As I continued my research, when I read Don Pepe’s “Welcome to the DMZ” in his One-Five Chapters on our Catkiller web site, I called him and he related that when he was in the 3rd Platoon at Marble Mountain in December 1967, there was no such name to his knowledge. However, when he moved to the 1st Platoon at Dong Ha in March, there were stories and tales about “Myth Makers” in both the 1st and 4th Platoons. When I asked if he had any idea how the name or term originated, he related that it could have been conjured up as “tongue in cheek” for some of the “antics” by members of the platoons at Dong Ha—and he might suspect Jim Hudson, or Glenn Strange, who was not a member of either of the platoons, but was close to the group as the Assistant Operations Officer back at Phu Bai. I have never been able to contact Jim, but I did talk with Glenn and he says that he knows nothing about the origin of the “Myth Makers.”

I had one more missing link during that time period—Gary Clark, the CO—who I finally located in March 2012 (a story in itself)—but he could not recall any knowledge of any “Myth Makers” during his command. Not one to give up easily—and COs are not necessarily “in” on all platoon “activities”—it certainly appeared that the “window” for the birth of the “Myth Makers” was open during February or March 1968, at least among the members of the platoons working out of Dong Ha. Then when I made my first contact with Mike Sharkey, the 4th Platoon Leader, the “Myths” began to come to light. Mike related some incidents that caused him and others to wonder how some of the pilots flying out of Dong Ha had survived to fly another day. He also noted that John “Bear” Kovac, who had initially brought the 1st Platoon from Quang Ngai to Dong Ha and the DMZ, but then became the Aircraft Maintenance Officer at Phu Bai, had later made more than a few passing comments about the “Myths” sending him plenty of bullet holes to be patched and repaired. I was also able to talk with John, but he could not recall anything more specific.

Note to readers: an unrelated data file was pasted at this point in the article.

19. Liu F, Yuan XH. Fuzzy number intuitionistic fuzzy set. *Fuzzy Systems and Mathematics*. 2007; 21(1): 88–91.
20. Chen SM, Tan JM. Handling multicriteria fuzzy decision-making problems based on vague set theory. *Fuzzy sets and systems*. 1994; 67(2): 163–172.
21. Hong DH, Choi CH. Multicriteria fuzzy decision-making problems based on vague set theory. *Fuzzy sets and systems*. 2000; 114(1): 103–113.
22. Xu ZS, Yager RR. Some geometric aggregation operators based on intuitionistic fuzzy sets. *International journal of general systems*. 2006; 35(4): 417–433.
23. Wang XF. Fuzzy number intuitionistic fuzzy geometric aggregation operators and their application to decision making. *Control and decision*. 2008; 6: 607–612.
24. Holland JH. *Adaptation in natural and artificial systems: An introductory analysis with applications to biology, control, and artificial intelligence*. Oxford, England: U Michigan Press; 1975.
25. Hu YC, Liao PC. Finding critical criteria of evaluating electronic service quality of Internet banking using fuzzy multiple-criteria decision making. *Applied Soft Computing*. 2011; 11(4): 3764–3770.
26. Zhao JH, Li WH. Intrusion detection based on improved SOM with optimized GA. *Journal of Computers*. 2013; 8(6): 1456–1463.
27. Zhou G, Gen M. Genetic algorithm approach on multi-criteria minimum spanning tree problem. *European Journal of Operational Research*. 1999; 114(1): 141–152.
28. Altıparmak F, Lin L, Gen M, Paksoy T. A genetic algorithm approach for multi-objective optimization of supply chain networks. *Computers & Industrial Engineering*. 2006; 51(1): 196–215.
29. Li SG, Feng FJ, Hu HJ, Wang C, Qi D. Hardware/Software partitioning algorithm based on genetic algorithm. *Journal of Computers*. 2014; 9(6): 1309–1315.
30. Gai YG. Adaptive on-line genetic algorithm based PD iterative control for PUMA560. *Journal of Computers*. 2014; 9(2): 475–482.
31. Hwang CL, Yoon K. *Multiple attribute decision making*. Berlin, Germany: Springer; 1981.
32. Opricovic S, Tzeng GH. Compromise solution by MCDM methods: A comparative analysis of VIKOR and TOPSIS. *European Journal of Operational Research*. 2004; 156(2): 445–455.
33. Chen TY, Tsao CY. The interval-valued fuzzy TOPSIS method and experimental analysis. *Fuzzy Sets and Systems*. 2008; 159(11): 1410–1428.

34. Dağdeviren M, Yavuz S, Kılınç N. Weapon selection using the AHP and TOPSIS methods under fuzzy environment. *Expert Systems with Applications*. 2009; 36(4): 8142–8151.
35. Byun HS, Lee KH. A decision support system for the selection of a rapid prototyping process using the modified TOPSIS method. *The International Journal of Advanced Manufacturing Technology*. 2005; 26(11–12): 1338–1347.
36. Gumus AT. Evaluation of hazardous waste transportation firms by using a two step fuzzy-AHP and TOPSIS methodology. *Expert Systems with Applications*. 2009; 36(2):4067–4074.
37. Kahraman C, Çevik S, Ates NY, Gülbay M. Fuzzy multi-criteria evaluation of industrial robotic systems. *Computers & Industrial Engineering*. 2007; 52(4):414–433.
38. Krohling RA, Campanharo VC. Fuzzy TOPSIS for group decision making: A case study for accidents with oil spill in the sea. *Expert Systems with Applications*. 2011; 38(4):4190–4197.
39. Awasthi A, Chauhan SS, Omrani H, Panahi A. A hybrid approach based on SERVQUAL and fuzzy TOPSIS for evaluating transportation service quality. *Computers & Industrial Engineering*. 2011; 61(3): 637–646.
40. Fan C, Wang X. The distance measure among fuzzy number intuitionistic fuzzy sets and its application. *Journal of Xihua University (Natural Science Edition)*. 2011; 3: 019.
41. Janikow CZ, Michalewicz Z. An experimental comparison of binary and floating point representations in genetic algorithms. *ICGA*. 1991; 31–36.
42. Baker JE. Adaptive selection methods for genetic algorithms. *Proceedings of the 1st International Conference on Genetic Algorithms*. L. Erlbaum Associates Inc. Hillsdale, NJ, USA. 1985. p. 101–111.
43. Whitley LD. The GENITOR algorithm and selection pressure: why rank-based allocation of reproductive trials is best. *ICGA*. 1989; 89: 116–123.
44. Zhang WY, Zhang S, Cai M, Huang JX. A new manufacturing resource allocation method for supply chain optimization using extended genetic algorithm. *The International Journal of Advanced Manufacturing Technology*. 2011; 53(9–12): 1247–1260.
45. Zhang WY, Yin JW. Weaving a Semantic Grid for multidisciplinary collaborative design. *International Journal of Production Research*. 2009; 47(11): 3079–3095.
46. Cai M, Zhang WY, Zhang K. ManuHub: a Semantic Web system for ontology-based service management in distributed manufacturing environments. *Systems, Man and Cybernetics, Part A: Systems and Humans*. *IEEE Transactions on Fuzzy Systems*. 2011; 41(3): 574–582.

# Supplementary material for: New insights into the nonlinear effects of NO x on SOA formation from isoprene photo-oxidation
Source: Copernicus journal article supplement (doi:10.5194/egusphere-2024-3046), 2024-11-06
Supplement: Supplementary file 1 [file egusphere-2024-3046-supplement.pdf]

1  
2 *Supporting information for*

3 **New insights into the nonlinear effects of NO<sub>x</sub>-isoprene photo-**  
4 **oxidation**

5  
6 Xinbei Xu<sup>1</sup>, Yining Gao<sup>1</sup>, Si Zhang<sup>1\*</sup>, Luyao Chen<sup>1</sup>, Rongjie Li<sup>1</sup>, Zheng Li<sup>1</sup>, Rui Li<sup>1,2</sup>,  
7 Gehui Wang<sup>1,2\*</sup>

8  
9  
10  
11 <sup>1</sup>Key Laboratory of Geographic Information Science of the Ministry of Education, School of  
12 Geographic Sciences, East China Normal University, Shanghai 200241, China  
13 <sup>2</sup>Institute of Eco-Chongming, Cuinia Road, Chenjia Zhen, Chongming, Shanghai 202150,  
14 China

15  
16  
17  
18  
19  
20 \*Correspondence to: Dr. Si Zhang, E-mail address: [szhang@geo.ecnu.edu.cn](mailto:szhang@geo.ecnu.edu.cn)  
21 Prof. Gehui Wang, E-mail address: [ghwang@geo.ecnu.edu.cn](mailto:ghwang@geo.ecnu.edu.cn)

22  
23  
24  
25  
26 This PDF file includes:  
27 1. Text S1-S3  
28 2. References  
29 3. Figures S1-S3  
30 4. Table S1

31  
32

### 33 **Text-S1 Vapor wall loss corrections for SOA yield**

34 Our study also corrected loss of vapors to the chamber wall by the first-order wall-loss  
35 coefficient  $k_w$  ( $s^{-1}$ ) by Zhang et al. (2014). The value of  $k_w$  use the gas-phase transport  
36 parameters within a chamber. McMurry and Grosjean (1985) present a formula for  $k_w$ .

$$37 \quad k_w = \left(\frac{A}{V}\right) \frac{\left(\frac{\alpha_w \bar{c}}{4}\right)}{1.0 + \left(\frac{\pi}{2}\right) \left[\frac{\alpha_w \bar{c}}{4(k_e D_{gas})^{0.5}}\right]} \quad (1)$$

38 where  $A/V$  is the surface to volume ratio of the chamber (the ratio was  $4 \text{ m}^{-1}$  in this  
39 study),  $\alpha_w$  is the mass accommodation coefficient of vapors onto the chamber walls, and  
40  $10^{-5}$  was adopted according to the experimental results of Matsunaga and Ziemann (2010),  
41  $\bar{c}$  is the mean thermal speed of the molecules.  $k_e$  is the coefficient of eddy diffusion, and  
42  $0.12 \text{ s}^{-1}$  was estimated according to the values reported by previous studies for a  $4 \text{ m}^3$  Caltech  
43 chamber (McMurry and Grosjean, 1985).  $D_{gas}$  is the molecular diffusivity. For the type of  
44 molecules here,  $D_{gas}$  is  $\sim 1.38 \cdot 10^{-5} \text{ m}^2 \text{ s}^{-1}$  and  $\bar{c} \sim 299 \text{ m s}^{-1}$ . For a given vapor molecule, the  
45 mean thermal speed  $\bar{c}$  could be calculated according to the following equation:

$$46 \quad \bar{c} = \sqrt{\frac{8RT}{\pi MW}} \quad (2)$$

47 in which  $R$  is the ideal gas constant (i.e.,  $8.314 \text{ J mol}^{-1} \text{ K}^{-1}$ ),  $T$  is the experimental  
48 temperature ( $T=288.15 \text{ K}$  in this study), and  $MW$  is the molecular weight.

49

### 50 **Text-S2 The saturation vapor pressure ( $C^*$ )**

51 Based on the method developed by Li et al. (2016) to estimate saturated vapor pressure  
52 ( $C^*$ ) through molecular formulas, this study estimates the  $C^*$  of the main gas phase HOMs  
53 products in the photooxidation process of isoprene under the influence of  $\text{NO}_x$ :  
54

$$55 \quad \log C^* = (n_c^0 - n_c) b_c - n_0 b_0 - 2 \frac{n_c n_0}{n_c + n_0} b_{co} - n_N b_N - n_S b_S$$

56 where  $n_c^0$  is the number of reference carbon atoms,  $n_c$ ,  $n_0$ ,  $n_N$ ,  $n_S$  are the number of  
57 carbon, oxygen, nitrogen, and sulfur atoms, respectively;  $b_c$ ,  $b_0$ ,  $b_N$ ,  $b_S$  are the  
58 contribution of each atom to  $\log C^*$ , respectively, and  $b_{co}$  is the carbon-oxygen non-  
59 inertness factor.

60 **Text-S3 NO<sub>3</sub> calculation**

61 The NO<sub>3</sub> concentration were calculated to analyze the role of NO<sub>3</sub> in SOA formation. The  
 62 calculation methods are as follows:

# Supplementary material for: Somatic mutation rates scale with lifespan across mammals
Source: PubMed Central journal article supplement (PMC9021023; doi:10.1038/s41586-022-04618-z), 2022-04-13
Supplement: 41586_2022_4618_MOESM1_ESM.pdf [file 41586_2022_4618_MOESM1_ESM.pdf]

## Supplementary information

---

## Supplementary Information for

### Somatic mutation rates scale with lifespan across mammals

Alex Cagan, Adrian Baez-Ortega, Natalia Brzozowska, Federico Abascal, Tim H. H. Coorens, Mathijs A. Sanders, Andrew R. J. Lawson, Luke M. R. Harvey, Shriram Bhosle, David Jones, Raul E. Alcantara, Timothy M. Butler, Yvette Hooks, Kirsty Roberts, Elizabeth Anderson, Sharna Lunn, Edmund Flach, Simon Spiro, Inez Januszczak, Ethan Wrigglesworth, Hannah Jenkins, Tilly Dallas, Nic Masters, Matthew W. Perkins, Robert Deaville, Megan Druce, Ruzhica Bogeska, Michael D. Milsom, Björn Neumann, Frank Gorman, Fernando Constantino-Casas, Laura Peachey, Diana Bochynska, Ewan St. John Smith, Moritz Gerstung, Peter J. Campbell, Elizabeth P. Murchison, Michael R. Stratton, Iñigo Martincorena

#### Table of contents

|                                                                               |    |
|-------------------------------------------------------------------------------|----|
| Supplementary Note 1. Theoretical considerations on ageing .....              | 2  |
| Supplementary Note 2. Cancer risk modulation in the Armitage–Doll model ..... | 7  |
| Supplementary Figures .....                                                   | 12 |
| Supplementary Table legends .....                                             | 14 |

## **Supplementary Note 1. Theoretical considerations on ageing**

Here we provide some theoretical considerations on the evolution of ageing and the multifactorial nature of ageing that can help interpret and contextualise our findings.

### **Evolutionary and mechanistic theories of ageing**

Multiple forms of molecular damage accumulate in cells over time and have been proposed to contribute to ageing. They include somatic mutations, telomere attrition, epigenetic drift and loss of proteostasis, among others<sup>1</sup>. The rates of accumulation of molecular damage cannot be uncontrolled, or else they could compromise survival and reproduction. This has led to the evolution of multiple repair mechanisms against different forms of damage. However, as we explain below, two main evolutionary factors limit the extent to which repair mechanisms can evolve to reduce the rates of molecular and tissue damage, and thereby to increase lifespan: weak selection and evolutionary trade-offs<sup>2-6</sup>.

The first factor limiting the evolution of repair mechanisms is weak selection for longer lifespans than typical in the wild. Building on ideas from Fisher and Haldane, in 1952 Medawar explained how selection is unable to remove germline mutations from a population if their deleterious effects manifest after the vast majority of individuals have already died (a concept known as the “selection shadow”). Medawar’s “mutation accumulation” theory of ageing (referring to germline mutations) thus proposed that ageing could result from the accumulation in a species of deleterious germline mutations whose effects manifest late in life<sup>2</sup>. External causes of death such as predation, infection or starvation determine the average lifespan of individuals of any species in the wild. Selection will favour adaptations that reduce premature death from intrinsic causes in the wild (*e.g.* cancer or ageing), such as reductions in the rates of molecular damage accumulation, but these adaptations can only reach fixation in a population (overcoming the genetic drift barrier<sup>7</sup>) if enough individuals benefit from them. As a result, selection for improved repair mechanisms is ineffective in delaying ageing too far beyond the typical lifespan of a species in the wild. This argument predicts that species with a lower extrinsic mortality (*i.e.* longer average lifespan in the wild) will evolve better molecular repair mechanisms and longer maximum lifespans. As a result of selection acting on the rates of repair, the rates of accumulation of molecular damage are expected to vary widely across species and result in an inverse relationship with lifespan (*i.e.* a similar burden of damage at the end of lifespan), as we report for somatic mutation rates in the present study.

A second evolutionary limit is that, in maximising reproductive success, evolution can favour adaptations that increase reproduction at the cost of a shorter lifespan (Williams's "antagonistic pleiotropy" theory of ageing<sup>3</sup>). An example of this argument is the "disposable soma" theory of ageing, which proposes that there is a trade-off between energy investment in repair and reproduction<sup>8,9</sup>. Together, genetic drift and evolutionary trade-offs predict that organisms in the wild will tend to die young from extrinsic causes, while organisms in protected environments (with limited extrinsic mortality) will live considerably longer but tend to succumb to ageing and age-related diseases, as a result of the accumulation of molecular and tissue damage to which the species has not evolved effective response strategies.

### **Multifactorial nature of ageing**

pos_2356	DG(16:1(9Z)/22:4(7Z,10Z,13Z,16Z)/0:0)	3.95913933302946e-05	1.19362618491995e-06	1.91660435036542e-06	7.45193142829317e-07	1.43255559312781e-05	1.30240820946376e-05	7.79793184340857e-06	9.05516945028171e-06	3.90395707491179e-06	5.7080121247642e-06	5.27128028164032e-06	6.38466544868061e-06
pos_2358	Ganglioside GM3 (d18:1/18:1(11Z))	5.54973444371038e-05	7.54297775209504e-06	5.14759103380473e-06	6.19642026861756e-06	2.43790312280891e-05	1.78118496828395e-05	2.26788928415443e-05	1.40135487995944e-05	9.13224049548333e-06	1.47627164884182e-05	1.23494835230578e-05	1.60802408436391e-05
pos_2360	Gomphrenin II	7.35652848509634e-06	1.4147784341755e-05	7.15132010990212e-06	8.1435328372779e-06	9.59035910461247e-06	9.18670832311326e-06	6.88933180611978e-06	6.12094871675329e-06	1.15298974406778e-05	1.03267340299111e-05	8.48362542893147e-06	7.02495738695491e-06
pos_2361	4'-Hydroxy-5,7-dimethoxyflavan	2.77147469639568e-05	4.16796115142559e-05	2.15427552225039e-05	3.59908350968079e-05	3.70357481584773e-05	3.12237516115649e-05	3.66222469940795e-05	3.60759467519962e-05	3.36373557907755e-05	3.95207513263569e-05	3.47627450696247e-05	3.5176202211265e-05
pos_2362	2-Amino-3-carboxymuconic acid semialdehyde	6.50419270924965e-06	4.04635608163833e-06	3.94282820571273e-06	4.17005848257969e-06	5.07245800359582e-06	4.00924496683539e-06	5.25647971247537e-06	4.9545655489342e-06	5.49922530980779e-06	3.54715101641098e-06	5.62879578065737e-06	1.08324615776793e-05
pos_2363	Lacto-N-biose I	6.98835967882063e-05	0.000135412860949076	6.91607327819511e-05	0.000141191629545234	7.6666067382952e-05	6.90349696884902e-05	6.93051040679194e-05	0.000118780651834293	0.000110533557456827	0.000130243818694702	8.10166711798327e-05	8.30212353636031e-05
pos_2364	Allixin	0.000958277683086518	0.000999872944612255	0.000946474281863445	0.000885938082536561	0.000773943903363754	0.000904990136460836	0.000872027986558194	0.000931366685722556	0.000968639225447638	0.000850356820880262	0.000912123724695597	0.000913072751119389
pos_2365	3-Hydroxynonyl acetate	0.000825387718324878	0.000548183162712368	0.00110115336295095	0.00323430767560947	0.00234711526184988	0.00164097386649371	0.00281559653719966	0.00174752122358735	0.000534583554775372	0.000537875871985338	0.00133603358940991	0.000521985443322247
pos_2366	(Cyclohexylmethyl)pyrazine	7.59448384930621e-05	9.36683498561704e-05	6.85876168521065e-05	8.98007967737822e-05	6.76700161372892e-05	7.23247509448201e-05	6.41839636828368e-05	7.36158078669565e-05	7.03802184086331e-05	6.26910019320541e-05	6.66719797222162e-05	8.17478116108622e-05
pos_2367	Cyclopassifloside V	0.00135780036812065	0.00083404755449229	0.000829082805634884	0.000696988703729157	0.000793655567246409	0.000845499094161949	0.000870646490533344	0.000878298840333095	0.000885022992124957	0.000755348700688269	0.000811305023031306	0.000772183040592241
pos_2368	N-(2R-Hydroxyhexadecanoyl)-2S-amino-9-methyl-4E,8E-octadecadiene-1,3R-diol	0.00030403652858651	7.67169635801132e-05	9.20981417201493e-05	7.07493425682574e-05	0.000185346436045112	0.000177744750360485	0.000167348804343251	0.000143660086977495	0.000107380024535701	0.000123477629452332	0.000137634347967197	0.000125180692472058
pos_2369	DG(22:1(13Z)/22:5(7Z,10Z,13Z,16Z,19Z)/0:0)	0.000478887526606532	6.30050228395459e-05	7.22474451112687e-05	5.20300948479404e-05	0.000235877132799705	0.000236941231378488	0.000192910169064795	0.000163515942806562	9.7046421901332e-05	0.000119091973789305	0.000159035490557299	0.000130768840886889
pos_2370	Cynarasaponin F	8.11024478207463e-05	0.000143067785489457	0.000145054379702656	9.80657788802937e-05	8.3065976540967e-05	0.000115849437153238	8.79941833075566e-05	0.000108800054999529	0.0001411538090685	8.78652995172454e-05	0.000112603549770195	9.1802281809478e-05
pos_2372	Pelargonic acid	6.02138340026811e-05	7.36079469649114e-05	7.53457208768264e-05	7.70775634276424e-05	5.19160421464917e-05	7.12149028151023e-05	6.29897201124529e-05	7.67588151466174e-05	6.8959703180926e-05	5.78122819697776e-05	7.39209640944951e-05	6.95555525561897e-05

All said and done, there are probably a few or more happenings at or near Dong Ha that probably started the original existence of the “Myth Makers.” I have not been able to put actual dates on these “happenings,” but they are stuck away within the Catkiller web site and in the minds of those who were witnesses to the events.

  1. “Rik” Billings took a 50 cal hit that came through the floor between his feet and took the grip off the stick leaving him thinking that his right arm had been taken with it; and then it found its way under his flak vest creating a nice “beach scar” on his chest—and he survived.
  2. At the request of the Marines, “Rick” Johnson put a pair of rockets into a mountain of stockpiled ammunition (friendly) after the completion of an operation that had been impossible to recover which resulted in a massive explosion that he had little choice but fly through the blast and debris—and somehow survived.
  3. Ray Caryl had his left main gear taken off his aircraft when the explosion of an OH-13 that apparently was hit by enemy fire in close proximity put him in a rather precarious situation—but he managed to land with the two remaining wheels and walk away from it.
  4. And Don Pepe seemed to stay out longer in far away places, and in darkness and in some of the worst weather—more so, often out of contact with Dong Ha—and somehow managed to “milk” his way back home before the engine quit. These may be just some of the stories that appear to have created the “aura” from which the “Myth Makers” were born.
Of course, as time moved on, there were plenty of “hairy” experiences with bullet holes in aircraft that left many wondering why there were not a comparable number of Purple Hearts awarded. “Lady Luck” often played a part in the ability be a part of and to tell and hear stories and tales of which myths are made. I have a feeling that the 4th Platoon, the 1st Platoon, the 2nd Platoon and any other platoons that may have served in the northern areas of I Corps along the DMZ and possibly the border area of Laos, whether they realize it of not, may hold a repository of stories that we may never know. In June 1968 the 4th Platoon was folded into the 1st Platoon and the “Myth Makers” lived on in the 1st Platoon as A HUNDRED FEET OVER HELL tells its story. In September 1969 the 4th Platoon was reactivated and once again there were two platoons working the northern reaches of the I Corps TAOR. When Jack Bentley went back home and later named his spread in Arizona the Myth Maker Ranch, he may have been the last of that “era” with memories that will last forever.

NOTE: If anyone can add (or refute) anything to what I have related in my search for the origin of the “Myth Makers,” please do. Once again, as a volunteer historian I sometimes just latch on to some things—and it is often amazing what turns up.

Gene Wilson